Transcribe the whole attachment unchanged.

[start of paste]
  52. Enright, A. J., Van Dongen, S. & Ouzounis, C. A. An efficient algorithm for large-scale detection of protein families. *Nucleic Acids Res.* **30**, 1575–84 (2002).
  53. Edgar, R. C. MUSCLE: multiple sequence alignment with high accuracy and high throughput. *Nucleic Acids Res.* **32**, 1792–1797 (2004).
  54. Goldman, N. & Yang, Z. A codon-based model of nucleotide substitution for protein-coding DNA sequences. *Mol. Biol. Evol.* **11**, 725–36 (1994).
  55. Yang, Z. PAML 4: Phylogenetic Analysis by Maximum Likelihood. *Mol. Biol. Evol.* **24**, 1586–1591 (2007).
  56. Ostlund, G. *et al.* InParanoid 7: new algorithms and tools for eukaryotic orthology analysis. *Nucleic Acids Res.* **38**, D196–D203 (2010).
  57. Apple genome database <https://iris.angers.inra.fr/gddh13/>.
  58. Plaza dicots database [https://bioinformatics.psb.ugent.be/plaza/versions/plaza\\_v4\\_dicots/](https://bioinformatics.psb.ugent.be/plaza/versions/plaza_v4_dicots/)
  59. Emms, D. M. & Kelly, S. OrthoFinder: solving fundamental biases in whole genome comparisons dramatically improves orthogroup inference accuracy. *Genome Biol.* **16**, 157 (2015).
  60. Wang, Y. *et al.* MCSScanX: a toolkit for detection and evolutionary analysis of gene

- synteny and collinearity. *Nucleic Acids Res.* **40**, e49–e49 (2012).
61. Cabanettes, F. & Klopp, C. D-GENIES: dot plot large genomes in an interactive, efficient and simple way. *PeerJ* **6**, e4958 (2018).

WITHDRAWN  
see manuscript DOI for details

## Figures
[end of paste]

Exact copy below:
  52. Enright, A. J., Van Dongen, S. & Ouzounis, C. A. An efficient algorithm for large-scale detection of protein families. *Nucleic Acids Res.* **30**, 1575–84 (2002).
  53. Edgar, R. C. MUSCLE: multiple sequence alignment with high accuracy and high throughput. *Nucleic Acids Res.* **32**, 1792–1797 (2004).
  54. Goldman, N. & Yang, Z. A codon-based model of nucleotide substitution for protein-coding DNA sequences. *Mol. Biol. Evol.* **11**, 725–36 (1994).
  55. Yang, Z. PAML 4: Phylogenetic Analysis by Maximum Likelihood. *Mol. Biol. Evol.* **24**, 1586–1591 (2007).
  56. Ostlund, G. *et al.* InParanoid 7: new algorithms and tools for eukaryotic orthology analysis. *Nucleic Acids Res.* **38**, D196–D203 (2010).
  57. Apple genome database <https://iris.angers.inra.fr/gddh13/>.
  58. Plaza dicots database [https://bioinformatics.psb.ugent.be/plaza/versions/plaza\\_v4\\_dicots/](https://bioinformatics.psb.ugent.be/plaza/versions/plaza_v4_dicots/)
  59. Emms, D. M. & Kelly, S. OrthoFinder: solving fundamental biases in whole genome comparisons dramatically improves orthogroup inference accuracy. *Genome Biol.* **16**, 157 (2015).
  60. Wang, Y. *et al.* MCSScanX: a toolkit for detection and evolutionary analysis of gene

- synteny and collinearity. *Nucleic Acids Res.* **40**, e49–e49 (2012).
61. Cabanettes, F. & Klopp, C. D-GENIES: dot plot large genomes in an interactive, efficient and simple way. *PeerJ* **6**, e4958 (2018).

WITHDRAWN  
see manuscript DOI for details

## Figures